On Tuesday, the Court of Appeal overturned a ruling by Reykjavík’s District Court revoking the extended custody of two men recently charged with violating Article No. 100 of Iceland’s General Penal Code (pertaining to acts of terrorism). The Court of Appeal ruled that the defendants, who had been held in custody since September, were to be released on the basis of a mental assessment that concluded that they were not a danger to themselves or others.

Yesterday, the Court of Appeal published its ruling on its  website. The judgment references the overturned Reykjavík District Court ruling, which notes that the police authorities had consulted with Europol experts on the case. Having reviewed the case files, the Europol experts concluded that the two men were likely to take imminent action and commit acts of terrorism in Iceland.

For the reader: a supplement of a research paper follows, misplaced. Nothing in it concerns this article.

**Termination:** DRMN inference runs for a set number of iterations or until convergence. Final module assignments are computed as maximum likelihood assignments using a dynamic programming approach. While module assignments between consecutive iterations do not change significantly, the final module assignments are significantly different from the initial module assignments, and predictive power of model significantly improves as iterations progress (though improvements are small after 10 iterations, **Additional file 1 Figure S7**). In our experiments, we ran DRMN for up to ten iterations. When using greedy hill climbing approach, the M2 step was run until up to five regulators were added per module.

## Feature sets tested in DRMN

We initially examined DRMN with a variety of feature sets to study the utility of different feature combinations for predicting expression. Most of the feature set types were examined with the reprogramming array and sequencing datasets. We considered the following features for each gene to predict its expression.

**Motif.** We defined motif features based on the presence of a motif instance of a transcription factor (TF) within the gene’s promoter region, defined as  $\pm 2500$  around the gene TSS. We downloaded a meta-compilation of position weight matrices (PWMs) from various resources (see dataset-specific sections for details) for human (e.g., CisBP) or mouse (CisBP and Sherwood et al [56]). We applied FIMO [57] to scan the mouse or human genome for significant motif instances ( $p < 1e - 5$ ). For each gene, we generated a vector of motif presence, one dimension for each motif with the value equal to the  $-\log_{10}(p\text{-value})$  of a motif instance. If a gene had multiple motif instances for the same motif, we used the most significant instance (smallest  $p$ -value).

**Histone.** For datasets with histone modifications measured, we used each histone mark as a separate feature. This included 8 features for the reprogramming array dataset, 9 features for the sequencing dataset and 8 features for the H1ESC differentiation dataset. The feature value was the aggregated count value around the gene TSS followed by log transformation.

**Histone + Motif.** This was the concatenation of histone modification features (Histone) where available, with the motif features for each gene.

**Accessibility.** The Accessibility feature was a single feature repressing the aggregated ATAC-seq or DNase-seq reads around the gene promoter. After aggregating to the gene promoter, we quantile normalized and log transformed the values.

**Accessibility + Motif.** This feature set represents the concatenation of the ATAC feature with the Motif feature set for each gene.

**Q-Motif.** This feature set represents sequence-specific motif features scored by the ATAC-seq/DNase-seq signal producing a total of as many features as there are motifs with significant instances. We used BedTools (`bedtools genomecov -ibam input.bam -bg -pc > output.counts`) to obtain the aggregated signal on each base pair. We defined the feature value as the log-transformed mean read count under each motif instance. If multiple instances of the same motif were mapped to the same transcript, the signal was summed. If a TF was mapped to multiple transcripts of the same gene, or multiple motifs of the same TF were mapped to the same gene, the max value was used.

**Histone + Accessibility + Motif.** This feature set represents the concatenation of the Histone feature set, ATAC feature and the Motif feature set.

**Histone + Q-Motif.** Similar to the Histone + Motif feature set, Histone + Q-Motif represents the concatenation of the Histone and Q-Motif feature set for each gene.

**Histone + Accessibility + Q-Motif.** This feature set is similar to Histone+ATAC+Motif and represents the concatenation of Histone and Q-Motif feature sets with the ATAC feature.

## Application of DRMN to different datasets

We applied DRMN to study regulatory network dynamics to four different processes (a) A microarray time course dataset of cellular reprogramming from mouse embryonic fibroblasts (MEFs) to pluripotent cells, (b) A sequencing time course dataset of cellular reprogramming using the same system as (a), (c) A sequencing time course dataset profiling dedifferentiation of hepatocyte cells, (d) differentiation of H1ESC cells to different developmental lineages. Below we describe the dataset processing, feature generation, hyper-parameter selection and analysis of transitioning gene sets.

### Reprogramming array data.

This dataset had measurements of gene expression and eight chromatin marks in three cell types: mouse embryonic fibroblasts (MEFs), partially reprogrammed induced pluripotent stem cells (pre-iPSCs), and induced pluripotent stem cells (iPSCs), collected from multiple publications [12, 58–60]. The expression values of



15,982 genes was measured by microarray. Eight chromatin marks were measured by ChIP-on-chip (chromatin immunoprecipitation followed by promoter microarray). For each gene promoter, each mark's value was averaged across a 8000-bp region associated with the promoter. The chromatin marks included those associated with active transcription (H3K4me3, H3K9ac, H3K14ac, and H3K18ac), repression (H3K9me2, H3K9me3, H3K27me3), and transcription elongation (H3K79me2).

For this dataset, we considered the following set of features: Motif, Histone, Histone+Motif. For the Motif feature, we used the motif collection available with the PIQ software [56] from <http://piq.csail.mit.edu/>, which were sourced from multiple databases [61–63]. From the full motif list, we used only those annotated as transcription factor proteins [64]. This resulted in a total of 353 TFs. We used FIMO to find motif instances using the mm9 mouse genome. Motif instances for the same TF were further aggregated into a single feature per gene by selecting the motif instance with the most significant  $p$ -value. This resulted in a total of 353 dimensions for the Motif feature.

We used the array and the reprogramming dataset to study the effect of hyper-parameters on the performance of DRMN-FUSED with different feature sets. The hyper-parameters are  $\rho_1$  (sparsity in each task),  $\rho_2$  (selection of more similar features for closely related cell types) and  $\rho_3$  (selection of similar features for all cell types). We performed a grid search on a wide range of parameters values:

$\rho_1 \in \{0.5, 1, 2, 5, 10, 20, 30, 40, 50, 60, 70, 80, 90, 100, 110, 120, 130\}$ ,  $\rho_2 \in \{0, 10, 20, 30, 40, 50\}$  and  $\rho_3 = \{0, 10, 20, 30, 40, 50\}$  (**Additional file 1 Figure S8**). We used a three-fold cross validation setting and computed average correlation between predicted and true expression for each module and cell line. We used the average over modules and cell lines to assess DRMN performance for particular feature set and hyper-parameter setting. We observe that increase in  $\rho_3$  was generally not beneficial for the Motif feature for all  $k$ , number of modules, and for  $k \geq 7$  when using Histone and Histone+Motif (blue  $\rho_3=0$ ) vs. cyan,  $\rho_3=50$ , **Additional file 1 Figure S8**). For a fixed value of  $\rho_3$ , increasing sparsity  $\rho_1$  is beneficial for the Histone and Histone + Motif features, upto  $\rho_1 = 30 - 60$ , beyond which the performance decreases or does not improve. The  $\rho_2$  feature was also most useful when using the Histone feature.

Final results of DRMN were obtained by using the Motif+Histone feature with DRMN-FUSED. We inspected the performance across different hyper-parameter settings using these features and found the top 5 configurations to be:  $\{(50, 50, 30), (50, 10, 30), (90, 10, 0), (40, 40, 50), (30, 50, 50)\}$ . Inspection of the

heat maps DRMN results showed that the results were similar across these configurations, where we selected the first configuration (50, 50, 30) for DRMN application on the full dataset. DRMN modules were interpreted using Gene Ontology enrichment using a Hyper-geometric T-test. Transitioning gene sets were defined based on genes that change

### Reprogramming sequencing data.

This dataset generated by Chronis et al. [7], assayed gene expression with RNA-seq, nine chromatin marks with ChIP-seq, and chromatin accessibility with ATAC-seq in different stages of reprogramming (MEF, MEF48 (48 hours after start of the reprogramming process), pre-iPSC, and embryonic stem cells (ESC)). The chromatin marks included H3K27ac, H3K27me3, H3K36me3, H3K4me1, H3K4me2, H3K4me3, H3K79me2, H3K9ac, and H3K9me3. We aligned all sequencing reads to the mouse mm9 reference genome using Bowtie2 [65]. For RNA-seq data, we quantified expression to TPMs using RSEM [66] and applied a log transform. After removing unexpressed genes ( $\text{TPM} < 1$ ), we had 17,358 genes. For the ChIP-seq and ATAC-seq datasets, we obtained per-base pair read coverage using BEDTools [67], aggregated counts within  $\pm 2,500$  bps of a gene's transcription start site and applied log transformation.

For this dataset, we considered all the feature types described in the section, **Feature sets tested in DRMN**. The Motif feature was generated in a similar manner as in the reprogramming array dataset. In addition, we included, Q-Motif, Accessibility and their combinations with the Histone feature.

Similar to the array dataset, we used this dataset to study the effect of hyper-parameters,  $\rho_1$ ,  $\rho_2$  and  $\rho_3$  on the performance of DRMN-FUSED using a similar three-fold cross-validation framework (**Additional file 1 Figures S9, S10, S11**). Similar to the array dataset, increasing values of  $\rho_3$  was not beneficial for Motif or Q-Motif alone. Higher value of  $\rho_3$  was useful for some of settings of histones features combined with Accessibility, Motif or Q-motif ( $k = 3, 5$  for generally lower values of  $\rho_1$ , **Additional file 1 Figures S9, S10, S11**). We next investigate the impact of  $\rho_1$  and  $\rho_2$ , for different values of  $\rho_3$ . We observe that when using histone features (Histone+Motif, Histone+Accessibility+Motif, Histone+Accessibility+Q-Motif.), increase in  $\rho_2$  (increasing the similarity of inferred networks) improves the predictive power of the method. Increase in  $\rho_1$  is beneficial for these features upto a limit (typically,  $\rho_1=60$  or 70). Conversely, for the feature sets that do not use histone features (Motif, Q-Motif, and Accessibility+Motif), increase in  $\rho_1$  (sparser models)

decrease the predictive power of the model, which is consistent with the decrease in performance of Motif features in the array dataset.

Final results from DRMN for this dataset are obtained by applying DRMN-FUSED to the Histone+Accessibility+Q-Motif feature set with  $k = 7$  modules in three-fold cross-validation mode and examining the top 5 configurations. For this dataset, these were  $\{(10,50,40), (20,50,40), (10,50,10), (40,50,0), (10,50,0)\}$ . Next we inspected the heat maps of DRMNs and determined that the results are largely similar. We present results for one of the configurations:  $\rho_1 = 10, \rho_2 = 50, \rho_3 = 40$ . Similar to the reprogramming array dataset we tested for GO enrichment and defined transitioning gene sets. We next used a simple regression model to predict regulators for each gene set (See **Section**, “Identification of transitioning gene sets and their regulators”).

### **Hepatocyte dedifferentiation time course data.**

Had begun penning his own manifesto

As reported by Iceland Review earlier this year, when the defendants were arrested in September, the police seized semi-automatic rifles, including AK-47s and AR-15s, along with ammunition and components for 3D-printed guns. Court documents state that the police also seized an item that could be inserted into an AR-15 rifle so as to make it automatic.

Court documents also note that the men possessed material concerning known terrorists and their atrocities, in addition to manifestos. The suspect who is the subject of the ruling denied that he was planning an act of domestic terrorism, maintaining that comments concerning various terrorist atrocities were harmless: they had been made in jest and under the influence of alcohol. The same held for all the other material that they had acquired.

Court documents further maintain that the defendant had begun to pen his own manifesto.